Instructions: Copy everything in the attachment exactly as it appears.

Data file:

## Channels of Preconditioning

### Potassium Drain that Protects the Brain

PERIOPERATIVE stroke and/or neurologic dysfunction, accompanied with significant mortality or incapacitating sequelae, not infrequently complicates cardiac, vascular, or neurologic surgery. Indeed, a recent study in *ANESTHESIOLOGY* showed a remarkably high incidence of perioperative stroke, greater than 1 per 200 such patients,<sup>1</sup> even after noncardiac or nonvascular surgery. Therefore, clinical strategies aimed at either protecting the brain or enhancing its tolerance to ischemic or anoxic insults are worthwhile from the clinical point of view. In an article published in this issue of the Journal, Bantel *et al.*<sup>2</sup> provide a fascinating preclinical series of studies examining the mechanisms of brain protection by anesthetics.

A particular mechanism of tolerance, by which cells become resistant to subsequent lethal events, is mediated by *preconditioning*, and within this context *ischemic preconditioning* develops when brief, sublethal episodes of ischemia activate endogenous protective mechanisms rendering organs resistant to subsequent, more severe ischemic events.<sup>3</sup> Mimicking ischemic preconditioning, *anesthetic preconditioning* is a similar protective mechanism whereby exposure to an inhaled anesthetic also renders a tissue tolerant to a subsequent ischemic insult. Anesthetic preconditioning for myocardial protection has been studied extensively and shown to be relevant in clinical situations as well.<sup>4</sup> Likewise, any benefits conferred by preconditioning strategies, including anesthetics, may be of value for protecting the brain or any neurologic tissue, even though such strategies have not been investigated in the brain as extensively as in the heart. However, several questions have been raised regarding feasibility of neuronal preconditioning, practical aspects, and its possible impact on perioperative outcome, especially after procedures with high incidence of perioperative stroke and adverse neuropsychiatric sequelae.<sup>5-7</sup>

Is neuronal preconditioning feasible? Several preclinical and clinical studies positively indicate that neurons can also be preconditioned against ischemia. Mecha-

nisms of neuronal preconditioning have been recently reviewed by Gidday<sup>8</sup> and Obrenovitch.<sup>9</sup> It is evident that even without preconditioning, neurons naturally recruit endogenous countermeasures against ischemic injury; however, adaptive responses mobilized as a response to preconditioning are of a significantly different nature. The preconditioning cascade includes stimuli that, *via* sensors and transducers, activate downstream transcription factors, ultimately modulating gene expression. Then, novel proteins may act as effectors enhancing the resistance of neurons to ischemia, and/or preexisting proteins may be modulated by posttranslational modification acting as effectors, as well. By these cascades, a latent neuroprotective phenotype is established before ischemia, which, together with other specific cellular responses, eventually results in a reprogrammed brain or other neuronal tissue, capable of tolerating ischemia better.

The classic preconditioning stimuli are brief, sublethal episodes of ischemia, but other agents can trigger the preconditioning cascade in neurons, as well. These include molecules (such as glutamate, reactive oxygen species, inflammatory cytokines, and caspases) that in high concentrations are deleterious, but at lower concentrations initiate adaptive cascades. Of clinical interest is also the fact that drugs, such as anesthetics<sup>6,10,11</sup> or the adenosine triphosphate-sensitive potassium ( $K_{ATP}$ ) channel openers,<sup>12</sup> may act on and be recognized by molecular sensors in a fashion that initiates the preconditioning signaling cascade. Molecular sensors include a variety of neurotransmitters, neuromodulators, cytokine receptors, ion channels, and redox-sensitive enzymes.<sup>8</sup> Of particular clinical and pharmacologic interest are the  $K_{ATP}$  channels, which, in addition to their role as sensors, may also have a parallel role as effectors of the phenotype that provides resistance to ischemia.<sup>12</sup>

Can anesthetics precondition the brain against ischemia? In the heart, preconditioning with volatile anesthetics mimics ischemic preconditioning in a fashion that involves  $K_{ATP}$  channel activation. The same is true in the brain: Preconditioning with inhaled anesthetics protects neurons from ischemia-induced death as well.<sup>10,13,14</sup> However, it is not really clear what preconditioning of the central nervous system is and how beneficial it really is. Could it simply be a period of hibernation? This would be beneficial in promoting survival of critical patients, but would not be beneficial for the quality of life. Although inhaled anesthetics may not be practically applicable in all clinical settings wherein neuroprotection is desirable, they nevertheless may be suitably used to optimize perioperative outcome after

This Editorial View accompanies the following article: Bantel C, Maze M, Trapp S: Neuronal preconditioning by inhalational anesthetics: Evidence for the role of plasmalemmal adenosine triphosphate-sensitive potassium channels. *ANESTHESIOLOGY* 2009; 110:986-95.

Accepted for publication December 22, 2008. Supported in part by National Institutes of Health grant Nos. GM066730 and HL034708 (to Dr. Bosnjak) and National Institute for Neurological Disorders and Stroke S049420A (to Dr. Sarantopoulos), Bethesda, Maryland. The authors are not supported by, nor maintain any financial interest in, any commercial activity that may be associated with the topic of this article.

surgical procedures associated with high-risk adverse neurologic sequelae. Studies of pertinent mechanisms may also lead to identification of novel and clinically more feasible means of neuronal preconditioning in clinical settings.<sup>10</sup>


## Channels of Preconditioning

### Potassium Drain that Protects the Brain

PERIOPERATIVE stroke and/or neurologic dysfunction, accompanied with significant mortality or incapacitating sequelae, not infrequently complicates cardiac, vascular, or neurologic surgery. Indeed, a recent study in *ANESTHESIOLOGY* showed a remarkably high incidence of perioperative stroke, greater than 1 per 200 such patients,<sup>1</sup> even after noncardiac or nonvascular surgery. Therefore, clinical strategies aimed at either protecting the brain or enhancing its tolerance to ischemic or anoxic insults are worthwhile from the clinical point of view. In an article published in this issue of the Journal, Bantel *et al.*<sup>2</sup> provide a fascinating preclinical series of studies examining the mechanisms of brain protection by anesthetics.

A particular mechanism of tolerance, by which cells become resistant to subsequent lethal events, is mediated by *preconditioning*, and within this context *ischemic preconditioning* develops when brief, sublethal episodes of ischemia activate endogenous protective mechanisms rendering organs resistant to subsequent, more severe ischemic events.<sup>3</sup> Mimicking ischemic preconditioning, *anesthetic preconditioning* is a similar protective mechanism whereby exposure to an inhaled anesthetic also renders a tissue tolerant to a subsequent ischemic insult. Anesthetic preconditioning for myocardial protection has been studied extensively and shown to be relevant in clinical situations as well.<sup>4</sup> Likewise, any benefits conferred by preconditioning strategies, including anesthetics, may be of value for protecting the brain or any neurologic tissue, even though such strategies have not been investigated in the brain as extensively as in the heart. However, several questions have been raised regarding feasibility of neuronal preconditioning, practical aspects, and its possible impact on perioperative outcome, especially after procedures with high incidence of perioperative stroke and adverse neuropsychiatric sequelae.<sup>5-7</sup>

Is neuronal preconditioning feasible? Several preclinical and clinical studies positively indicate that neurons can also be preconditioned against ischemia. Mecha-

nisms of neuronal preconditioning have been recently reviewed by Gidday<sup>8</sup> and Obrenovitch.<sup>9</sup> It is evident that even without preconditioning, neurons naturally recruit endogenous countermeasures against ischemic injury; however, adaptive responses mobilized as a response to preconditioning are of a significantly different nature. The preconditioning cascade includes stimuli that, *via* sensors and transducers, activate downstream transcription factors, ultimately modulating gene expression. Then, novel proteins may act as effectors enhancing the resistance of neurons to ischemia, and/or preexisting proteins may be modulated by posttranslational modification acting as effectors, as well. By these cascades, a latent neuroprotective phenotype is established before ischemia, which, together with other specific cellular responses, eventually results in a reprogrammed brain or other neuronal tissue, capable of tolerating ischemia better.

The classic preconditioning stimuli are brief, sublethal episodes of ischemia, but other agents can trigger the preconditioning cascade in neurons, as well. These include molecules (such as glutamate, reactive oxygen species, inflammatory cytokines, and caspases) that in high concentrations are deleterious, but at lower concentrations initiate adaptive cascades. Of clinical interest is also the fact that drugs, such as anesthetics<sup>6,10,11</sup> or the adenosine triphosphate-sensitive potassium ( $K_{ATP}$ ) channel openers,<sup>12</sup> may act on and be recognized by molecular sensors in a fashion that initiates the preconditioning signaling cascade. Molecular sensors include a variety of neurotransmitters, neuromodulators, cytokine receptors, ion channels, and redox-sensitive enzymes.<sup>8</sup> Of particular clinical and pharmacologic interest are the  $K_{ATP}$  channels, which, in addition to their role as sensors, may also have a parallel role as effectors of the phenotype that provides resistance to ischemia.<sup>12</sup>

Can anesthetics precondition the brain against ischemia? In the heart, preconditioning with volatile anesthetics mimics ischemic preconditioning in a fashion that involves  $K_{ATP}$  channel activation. The same is true in the brain: Preconditioning with inhaled anesthetics protects neurons from ischemia-induced death as well.<sup>10,13,14</sup> However, it is not really clear what preconditioning of the central nervous system is and how beneficial it really is. Could it simply be a period of hibernation? This would be beneficial in promoting survival of critical patients, but would not be beneficial for the quality of life. Although inhaled anesthetics may not be practically applicable in all clinical settings wherein neuroprotection is desirable, they nevertheless may be suitably used to optimize perioperative outcome after

This Editorial View accompanies the following article: Bantel C, Maze M, Trapp S: Neuronal preconditioning by inhalational anesthetics: Evidence for the role of plasmalemmal adenosine triphosphate-sensitive potassium channels. *ANESTHESIOLOGY* 2009; 110:986-95.

Accepted for publication December 22, 2008. Supported in part by National Institutes of Health grant Nos. GM066730 and HL034708 (to Dr. Bosnjak) and National Institute for Neurological Disorders and Stroke S049420A (to Dr. Sarantopoulos), Bethesda, Maryland. The authors are not supported by, nor maintain any financial interest in, any commercial activity that may be associated with the topic of this article.

surgical procedures associated with high-risk adverse neurologic sequelae. Studies of pertinent mechanisms may also lead to identification of novel and clinically more feasible means of neuronal preconditioning in clinical settings.<sup>10</sup>